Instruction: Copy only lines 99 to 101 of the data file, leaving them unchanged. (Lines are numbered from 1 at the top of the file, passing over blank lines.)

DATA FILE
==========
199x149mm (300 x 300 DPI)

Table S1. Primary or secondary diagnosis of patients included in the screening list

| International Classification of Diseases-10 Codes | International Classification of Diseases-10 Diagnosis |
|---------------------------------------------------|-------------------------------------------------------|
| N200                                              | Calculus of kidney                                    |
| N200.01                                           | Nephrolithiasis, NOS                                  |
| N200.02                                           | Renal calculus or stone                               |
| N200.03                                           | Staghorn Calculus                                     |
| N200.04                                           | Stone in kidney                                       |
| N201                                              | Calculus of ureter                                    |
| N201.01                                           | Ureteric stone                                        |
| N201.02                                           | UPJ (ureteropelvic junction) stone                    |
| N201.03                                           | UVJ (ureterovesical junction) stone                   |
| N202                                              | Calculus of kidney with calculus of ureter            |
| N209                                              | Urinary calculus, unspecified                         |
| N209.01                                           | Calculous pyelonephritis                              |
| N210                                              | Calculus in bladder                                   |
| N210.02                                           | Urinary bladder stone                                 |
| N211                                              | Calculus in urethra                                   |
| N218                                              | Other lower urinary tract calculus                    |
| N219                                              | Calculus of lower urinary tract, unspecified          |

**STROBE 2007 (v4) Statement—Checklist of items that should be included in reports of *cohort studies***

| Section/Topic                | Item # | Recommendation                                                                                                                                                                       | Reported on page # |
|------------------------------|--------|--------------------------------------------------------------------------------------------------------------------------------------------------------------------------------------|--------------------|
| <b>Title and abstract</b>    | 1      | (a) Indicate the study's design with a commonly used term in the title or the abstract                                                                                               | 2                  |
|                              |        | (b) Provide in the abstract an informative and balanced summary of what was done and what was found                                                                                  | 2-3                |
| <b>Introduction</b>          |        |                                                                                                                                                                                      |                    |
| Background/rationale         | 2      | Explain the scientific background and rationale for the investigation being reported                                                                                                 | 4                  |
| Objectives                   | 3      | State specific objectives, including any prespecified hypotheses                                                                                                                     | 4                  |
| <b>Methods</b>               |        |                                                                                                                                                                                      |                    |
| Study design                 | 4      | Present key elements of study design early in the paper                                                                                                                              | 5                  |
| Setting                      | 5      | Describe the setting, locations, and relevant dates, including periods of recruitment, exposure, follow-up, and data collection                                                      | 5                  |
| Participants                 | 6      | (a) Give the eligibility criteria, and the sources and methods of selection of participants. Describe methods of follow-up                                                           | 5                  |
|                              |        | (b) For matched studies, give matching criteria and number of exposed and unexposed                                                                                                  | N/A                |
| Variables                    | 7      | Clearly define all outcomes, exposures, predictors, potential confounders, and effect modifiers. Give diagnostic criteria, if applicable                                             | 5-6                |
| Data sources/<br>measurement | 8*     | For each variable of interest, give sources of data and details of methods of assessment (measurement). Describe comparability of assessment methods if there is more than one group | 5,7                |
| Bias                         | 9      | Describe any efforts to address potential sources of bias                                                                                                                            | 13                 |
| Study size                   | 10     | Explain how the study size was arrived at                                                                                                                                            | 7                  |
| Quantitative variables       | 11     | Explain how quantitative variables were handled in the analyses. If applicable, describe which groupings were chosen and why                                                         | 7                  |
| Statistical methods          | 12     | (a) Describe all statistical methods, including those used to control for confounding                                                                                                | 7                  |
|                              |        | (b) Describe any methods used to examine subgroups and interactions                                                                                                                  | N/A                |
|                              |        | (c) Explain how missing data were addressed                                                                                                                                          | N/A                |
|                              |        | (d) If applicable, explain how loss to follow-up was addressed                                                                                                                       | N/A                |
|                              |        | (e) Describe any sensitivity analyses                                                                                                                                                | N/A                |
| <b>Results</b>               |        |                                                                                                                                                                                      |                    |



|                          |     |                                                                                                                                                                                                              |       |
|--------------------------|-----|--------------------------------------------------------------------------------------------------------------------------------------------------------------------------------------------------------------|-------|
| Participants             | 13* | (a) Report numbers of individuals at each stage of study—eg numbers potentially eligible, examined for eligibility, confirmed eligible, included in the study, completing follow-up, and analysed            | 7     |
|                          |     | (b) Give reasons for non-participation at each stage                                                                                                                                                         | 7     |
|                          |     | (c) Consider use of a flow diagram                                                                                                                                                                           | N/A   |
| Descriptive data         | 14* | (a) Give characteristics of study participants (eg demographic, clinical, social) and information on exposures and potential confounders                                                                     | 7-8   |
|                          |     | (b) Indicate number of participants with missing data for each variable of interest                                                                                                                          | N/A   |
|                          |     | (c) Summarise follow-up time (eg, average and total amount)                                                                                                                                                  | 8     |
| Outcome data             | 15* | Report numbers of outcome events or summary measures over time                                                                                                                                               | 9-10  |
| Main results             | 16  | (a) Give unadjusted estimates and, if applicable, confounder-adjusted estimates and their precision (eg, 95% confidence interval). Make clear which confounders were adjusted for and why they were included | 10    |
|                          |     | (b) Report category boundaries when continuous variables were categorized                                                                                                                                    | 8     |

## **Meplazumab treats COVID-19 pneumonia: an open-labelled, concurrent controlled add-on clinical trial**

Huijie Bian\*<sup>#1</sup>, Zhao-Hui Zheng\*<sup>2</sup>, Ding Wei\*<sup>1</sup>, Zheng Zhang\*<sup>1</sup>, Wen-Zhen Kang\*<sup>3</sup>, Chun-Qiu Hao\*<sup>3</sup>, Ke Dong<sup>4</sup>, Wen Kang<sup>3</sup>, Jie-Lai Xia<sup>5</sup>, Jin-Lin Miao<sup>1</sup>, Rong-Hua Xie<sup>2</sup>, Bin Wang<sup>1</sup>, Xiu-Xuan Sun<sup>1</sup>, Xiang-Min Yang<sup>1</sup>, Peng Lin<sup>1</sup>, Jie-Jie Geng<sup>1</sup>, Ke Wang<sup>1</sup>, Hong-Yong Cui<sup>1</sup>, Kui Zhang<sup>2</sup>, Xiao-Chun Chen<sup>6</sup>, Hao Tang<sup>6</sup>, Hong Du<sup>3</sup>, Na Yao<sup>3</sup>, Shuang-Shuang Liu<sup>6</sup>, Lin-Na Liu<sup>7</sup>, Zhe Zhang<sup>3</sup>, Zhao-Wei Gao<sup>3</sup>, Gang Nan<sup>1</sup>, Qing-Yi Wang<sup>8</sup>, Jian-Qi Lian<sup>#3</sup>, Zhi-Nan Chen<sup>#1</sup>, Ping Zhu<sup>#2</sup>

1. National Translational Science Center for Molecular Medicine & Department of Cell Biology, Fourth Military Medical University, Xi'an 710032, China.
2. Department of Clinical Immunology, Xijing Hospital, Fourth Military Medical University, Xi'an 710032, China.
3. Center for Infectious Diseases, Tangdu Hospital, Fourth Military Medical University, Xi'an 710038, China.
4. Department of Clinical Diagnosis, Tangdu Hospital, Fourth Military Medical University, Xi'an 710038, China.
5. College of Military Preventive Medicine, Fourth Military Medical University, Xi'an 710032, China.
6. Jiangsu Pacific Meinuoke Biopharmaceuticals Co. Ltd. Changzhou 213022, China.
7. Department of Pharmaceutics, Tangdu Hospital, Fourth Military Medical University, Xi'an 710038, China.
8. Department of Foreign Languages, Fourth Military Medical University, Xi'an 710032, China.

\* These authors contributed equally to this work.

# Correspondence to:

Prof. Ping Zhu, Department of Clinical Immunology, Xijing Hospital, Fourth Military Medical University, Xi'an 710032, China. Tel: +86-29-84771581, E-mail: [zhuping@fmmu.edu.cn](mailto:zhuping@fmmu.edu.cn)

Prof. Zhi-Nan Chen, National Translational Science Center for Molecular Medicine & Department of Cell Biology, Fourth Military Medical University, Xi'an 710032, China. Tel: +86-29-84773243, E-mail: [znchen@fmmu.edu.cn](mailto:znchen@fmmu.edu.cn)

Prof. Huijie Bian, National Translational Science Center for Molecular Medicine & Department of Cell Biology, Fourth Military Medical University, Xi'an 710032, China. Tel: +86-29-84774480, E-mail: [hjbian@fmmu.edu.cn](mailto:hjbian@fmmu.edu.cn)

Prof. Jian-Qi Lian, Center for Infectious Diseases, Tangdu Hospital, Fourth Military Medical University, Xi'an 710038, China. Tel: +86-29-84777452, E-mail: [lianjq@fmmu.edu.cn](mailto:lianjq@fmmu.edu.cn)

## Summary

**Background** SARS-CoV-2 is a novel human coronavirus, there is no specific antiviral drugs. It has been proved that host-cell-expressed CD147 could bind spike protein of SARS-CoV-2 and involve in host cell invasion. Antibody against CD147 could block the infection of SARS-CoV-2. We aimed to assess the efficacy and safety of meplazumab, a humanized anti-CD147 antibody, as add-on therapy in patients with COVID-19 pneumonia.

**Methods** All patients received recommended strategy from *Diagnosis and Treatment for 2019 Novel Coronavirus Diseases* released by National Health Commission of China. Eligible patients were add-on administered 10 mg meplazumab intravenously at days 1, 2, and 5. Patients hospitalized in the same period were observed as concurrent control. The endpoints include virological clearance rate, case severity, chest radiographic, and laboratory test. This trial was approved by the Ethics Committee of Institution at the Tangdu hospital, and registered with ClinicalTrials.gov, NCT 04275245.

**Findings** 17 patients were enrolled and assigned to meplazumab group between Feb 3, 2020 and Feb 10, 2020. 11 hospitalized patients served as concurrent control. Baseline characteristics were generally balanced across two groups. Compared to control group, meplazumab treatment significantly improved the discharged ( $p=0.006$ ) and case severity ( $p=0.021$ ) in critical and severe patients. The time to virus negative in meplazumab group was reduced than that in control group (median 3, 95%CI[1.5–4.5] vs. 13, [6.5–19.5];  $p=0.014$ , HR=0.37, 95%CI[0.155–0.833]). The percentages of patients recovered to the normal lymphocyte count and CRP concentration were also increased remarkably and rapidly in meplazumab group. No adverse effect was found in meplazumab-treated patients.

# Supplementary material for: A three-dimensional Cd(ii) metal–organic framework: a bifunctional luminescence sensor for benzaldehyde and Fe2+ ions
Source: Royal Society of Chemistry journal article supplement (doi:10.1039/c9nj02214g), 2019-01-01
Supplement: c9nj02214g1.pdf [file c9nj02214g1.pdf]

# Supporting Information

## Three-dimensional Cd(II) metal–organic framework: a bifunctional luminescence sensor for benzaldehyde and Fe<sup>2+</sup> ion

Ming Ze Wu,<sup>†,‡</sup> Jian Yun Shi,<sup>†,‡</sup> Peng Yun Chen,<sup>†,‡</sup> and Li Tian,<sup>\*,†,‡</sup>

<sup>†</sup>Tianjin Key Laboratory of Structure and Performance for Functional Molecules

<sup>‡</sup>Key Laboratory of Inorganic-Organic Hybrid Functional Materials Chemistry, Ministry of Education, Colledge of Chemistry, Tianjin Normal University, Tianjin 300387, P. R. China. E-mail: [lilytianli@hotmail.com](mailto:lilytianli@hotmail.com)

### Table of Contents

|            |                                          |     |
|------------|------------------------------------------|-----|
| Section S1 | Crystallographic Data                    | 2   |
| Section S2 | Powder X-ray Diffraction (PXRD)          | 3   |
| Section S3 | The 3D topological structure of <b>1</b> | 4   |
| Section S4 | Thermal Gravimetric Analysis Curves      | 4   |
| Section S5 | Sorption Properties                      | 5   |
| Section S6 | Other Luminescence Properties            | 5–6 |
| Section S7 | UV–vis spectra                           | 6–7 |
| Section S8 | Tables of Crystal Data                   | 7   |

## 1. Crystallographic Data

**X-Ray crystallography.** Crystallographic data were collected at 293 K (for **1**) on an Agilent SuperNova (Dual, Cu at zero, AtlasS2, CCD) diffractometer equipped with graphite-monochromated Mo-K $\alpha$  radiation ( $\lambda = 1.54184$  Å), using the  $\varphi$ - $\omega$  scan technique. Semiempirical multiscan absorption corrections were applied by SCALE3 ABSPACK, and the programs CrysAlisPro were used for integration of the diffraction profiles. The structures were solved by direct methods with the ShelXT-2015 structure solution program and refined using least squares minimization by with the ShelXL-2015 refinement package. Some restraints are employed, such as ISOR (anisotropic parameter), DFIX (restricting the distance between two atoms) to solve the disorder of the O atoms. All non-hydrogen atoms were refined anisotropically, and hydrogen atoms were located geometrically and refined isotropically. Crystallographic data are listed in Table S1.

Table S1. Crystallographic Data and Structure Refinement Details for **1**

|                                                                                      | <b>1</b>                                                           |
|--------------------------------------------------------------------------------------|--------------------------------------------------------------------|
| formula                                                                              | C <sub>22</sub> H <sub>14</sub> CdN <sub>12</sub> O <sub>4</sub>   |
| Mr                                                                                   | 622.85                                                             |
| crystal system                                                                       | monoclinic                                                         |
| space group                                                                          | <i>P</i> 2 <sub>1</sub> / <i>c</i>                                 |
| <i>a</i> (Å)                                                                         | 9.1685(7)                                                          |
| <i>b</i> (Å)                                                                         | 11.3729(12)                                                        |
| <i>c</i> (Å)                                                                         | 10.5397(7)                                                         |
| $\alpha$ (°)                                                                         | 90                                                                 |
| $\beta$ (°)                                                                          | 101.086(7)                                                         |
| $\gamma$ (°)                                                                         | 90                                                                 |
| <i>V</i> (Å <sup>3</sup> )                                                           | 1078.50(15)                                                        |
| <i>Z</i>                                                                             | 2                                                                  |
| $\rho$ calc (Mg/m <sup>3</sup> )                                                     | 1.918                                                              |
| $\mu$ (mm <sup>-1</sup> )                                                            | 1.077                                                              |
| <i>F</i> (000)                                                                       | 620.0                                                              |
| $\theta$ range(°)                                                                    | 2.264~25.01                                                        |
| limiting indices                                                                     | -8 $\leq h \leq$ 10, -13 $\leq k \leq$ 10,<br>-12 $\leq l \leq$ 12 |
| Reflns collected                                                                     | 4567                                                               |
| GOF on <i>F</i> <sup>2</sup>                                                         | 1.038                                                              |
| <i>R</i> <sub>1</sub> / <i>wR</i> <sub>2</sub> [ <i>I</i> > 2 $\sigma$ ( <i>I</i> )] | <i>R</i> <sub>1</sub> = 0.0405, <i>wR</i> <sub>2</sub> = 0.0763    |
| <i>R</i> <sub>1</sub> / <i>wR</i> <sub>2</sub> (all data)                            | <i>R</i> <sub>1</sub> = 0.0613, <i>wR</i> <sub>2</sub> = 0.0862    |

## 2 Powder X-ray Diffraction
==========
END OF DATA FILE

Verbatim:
|                                                                                      | <b>1</b>                                                           |
|--------------------------------------------------------------------------------------|--------------------------------------------------------------------|
| formula                                                                              | C <sub>22</sub> H <sub>14</sub> CdN <sub>12</sub> O <sub>4</sub>   |